All she needed was to find her sister and figure out how to get back to where she belonged. And all that was standing in her way were a few minor obstacles – sword-wielding enemies guarding the passage back, traitors looking to destroy the Forelli’s and anyone who sided with them, and Marcello and his knights who were hell-bent on ensuring her safety.

    And one major one – walking away from the only boy she’s ever loved and leaving her heart in the past.


    Waterfall is an exciting adventure and enchanting love story that is completely irresistible. It takes readers on a journey back in time to a world where honor and nobility go hand-in-hand with cruelty and violence. A time when men were the protectors, where danger lurked around every corner and friends could just as easily turn out to be enemies.

    It is to this world that Gabriella Betarrini is transported one afternoon. Coming from modern day Italy to a past that is nearly seven centuries old isn’t the shock she thinks it should be. Somehow this time, this place, feel so familiar to her.

    And when she meets Marcello, the younger son of Lord Forelli, she is immediately drawn to him. And he to her. But as future lord of the Castello, his responsibilities are to his family and to his people. And his commitment to the Lady Rossi cannot be broken. Even if it means breaking Gabriella’s heart.

    Author Lisa Bergren has written an absolutely captivating, magical story of time travel, adventure and romance. Waterfall will keep readers on the edge of their seats wondering what will happen next. The story is action-packed, filled with sword battles and constant threats to Gabriella and the Forelli’s, and the tension between Gabi and Marcello is nail-biting.

    Gabriella is smart, brave, loyal and ever so resourceful. She is quick to jump in to defend those she cares about and does not give up when things are difficult or scary. It is her bravery that earns her the respect of the people during a time when it could have just as easily earned their mistrust. And it is her strength and compassion that attract Marcello to her.

    Waterfall is absolute must-read for readers who enjoy a love story that will also take them on an adventure to another time and place.

    Reviewer gives this book [rating=5]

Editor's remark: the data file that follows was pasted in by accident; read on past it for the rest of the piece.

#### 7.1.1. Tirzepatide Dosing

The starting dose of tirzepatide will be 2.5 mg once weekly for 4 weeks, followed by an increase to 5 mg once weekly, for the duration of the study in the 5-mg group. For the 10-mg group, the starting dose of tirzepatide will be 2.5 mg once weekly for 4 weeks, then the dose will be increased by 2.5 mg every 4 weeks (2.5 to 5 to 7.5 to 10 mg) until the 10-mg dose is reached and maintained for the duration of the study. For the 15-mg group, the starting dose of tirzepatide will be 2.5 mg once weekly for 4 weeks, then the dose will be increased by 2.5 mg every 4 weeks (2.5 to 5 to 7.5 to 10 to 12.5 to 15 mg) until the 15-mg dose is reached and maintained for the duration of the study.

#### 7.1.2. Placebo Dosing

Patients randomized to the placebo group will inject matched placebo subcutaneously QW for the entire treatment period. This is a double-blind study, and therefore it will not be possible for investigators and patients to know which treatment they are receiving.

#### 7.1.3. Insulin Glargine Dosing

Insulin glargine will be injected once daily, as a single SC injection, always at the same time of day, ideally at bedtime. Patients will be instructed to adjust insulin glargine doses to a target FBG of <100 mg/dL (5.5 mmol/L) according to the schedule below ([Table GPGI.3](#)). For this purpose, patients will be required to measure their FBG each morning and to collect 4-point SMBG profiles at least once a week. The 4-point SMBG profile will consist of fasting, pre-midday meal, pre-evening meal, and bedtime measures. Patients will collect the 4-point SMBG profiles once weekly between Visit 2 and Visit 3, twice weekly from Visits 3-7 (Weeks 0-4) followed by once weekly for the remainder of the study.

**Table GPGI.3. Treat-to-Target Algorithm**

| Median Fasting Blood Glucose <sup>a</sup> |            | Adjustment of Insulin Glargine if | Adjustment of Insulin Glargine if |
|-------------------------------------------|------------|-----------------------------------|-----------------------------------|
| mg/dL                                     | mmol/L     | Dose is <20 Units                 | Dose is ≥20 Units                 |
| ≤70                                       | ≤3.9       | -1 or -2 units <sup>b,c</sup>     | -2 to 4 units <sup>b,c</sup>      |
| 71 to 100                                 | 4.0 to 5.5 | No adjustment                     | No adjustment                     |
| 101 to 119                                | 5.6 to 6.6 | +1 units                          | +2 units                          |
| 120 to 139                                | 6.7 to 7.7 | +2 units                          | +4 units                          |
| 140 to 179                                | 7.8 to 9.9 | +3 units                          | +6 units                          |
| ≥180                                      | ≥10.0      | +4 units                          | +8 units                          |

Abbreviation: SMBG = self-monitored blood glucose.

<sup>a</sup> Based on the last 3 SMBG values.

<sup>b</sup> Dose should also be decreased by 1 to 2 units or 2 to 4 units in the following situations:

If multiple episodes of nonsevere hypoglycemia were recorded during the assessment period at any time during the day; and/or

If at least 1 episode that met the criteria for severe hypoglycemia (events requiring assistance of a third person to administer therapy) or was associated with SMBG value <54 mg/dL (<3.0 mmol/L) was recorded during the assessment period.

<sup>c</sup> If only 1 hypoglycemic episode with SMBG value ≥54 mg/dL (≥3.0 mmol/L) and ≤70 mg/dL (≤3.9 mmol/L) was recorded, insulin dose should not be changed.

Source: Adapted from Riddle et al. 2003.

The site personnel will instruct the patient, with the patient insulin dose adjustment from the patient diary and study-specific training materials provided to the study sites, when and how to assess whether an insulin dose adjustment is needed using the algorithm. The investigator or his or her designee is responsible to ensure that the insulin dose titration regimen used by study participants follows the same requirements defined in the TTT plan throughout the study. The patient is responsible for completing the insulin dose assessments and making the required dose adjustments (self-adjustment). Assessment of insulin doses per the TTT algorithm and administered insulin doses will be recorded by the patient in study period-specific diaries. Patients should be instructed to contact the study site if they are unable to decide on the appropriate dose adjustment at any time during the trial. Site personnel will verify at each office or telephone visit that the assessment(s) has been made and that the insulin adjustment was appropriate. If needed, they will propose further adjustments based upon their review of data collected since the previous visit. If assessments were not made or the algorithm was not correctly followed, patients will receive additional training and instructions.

On a personal note:

    This book was so totally enchanting. I wasn’t one hundred percent sure what to expect having read the description. I knew there would be time travel and knights and battles, which are always awesome, but I thought perhaps it would read more like one of those middle grade time travel stories, which are sweet and lovable, but are more about the adventure than the characters.

    Not even close. This story didn’t neglect the characters at all. They actually made this story amazing.

    I adored Gabriella and loved how easily she fit into fourteenth century Italy but still retained who she was, enough so to catch the eye of Marcello Forelli. And that although she adapted with ease to the manner of speaking, she was still put out by the lack of modern conveniences like hair conditioner and indoor plumbing.

    And I don’t think any girl could read this story without falling for Marcello Forelli. Handsome, brave, honorable, noble and confident, but daring enough to be captivated by the head-strong Gabriella. And not only was he taken with her, he was amazed by her. How hot is that?

    Luca was a total charmer. I always love stories that include a character like him. He’s the guy that is always there to help, breaks up the tension, adds humor and is one you hope finds his own love story. And Lady Rossi was the perfect two-faced and untrustworthy competition for Marcello’s affections.

    Stories about time travel can often come across as somewhat unbelievable, but I was completely taken back in time with Gabi, caught up in the both the beauty of the time and its cruelty. Not for a moment was I pulled out of the story or the era by something that just didn’t ring true.

    Although I fell in love with fourteenth century Italy, with its knights and castles, my favorite part was the love story. It gave me butterflies. Gabriella and Marcello’s love may have been pure and chaste, but it was so intense.

    I love when an author can build that tension into the story with just a look or a touch. Every single time Gabi and Marcello exchanged glances, or when he moved that lock of hair behind her ear, I think I swooned a bit.

    I got so caught up in the story that I read it in one sitting. And was so glad that I had the second book on hand, or that ending might have completely devastated me. It wasn’t a completely evil cliffhanger, as a few things were answered, but I think I would have died a little bit not knowing what happened next if I had to wait four months for Cascade.

    How I “discovered” this book:

    Waterfall is a “Just Discovered” just got a chance to read book.

    I discovered this book back in January when checking out the 2011 Debut Author Challenge list. The story appealed to me as it involved time travel, knights, sword battles and a love story. And as I hadn’t read too many historical fiction novels, but wanted to, this one seemed a perfect fit.

    Of course, as it always seems to happen these days, time passed, deadlines loomed, and I did not get a chance to read this right away. But I was recently contacted by the author to see if I’d be interested in reviewing the second book in the series, Cascade. And of course I jumped at the chance, as I already had Cascade on my list of pre-orders and planned to read both books this summer.

    So, I moved Waterfall to the top of the pile in order to get caught up on the story prior to reading Cascade.


    Book trailer for Waterfall:


    Review: 13 Little Blue Envelopes

    13 Little Blue Envelopes by Maureen Johnson was first published in the U.S. on August 23, 2005.